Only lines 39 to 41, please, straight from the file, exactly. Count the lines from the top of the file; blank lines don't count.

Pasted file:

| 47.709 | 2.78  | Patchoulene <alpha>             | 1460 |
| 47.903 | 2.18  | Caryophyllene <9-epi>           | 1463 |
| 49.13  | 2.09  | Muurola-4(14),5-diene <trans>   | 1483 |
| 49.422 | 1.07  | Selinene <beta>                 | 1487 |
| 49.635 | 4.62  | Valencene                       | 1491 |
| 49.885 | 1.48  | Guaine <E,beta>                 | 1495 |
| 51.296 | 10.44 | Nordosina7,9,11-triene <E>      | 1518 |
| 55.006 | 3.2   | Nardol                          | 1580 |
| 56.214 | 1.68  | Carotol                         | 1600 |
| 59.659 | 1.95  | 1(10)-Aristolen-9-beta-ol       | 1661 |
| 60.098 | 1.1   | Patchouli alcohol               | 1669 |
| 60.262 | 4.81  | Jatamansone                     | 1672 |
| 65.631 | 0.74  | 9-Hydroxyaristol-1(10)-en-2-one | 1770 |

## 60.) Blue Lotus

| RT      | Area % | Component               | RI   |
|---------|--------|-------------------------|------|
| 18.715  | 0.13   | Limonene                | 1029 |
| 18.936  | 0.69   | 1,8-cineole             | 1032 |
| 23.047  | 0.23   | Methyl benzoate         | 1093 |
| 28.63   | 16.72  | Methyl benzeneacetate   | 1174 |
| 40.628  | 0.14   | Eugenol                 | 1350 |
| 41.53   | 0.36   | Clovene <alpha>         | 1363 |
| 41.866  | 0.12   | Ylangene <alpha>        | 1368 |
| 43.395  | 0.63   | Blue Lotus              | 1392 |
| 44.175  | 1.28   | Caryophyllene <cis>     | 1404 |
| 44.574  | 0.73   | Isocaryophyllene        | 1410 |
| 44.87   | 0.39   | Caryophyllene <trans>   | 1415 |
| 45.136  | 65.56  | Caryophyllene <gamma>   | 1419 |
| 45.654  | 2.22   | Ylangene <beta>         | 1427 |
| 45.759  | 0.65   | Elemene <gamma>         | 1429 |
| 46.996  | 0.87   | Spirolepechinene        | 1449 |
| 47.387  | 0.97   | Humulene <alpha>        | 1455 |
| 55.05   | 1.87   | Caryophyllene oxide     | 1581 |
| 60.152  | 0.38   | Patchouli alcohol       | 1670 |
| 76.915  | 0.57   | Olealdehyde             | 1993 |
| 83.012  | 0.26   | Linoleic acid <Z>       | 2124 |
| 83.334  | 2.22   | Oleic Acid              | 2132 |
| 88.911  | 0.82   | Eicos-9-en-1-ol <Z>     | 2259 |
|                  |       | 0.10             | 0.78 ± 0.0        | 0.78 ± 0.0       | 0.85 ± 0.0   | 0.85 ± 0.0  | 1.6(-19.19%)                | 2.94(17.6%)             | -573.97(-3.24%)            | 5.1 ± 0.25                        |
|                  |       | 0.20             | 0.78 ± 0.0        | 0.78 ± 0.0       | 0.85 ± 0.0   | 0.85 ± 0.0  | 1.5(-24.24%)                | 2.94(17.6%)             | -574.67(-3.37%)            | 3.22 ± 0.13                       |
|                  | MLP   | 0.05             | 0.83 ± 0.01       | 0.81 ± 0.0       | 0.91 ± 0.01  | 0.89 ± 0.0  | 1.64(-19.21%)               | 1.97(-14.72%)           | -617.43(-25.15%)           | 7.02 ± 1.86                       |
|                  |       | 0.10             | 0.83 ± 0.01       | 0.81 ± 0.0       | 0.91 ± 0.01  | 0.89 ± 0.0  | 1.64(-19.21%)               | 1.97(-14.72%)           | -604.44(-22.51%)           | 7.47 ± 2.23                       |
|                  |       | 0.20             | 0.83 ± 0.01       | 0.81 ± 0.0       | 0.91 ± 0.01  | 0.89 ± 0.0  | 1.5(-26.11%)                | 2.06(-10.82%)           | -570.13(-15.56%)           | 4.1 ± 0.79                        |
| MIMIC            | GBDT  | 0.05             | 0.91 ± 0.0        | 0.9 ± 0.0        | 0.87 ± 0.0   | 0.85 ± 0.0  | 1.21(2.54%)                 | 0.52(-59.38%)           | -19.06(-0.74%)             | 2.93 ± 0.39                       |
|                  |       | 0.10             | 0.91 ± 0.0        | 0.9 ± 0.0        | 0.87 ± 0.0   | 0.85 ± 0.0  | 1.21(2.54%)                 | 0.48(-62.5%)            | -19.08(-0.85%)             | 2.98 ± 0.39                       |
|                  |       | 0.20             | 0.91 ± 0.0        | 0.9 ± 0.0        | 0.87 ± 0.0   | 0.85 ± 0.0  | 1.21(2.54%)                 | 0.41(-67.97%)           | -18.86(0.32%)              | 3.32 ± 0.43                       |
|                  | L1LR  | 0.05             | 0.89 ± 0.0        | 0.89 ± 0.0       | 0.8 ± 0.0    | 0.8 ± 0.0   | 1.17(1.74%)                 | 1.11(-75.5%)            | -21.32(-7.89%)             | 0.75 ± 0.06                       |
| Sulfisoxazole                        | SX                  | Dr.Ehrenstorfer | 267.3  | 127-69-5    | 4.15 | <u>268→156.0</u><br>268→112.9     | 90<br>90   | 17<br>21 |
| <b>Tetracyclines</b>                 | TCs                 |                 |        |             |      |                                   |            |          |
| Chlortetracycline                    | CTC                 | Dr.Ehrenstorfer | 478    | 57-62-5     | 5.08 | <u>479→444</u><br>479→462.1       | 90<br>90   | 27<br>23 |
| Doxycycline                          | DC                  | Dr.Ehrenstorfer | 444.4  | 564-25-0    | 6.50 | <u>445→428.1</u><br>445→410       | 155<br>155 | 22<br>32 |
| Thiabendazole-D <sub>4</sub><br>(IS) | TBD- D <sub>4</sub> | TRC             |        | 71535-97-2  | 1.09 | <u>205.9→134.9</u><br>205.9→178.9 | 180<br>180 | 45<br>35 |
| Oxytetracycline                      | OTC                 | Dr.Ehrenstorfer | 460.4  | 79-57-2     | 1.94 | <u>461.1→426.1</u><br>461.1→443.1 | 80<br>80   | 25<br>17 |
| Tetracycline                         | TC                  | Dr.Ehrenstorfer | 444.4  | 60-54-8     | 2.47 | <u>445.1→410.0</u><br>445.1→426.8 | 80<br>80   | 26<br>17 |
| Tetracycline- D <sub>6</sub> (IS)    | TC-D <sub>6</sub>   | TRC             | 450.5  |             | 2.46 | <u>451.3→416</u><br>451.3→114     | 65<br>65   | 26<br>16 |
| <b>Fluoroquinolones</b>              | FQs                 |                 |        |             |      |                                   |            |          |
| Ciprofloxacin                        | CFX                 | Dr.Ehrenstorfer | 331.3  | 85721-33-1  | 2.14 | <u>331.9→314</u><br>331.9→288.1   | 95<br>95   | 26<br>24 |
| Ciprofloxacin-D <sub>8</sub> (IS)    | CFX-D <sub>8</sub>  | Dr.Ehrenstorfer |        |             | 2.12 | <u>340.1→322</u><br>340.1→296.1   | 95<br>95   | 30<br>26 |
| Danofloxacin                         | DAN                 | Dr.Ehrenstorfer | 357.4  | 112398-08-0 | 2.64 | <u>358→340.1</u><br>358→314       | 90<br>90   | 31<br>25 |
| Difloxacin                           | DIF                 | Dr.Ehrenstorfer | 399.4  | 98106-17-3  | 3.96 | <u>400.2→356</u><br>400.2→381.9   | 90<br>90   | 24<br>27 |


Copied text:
|                  |       | 0.10             | 0.78 ± 0.0        | 0.78 ± 0.0       | 0.85 ± 0.0   | 0.85 ± 0.0  | 1.6(-19.19%)                | 2.94(17.6%)             | -573.97(-3.24%)            | 5.1 ± 0.25                        |
|                  |       | 0.20             | 0.78 ± 0.0        | 0.78 ± 0.0       | 0.85 ± 0.0   | 0.85 ± 0.0  | 1.5(-24.24%)                | 2.94(17.6%)             | -574.67(-3.37%)            | 3.22 ± 0.13                       |
|                  | MLP   | 0.05             | 0.83 ± 0.01       | 0.81 ± 0.0       | 0.91 ± 0.01  | 0.89 ± 0.0  | 1.64(-19.21%)               | 1.97(-14.72%)           | -617.43(-25.15%)           | 7.02 ± 1.86                       |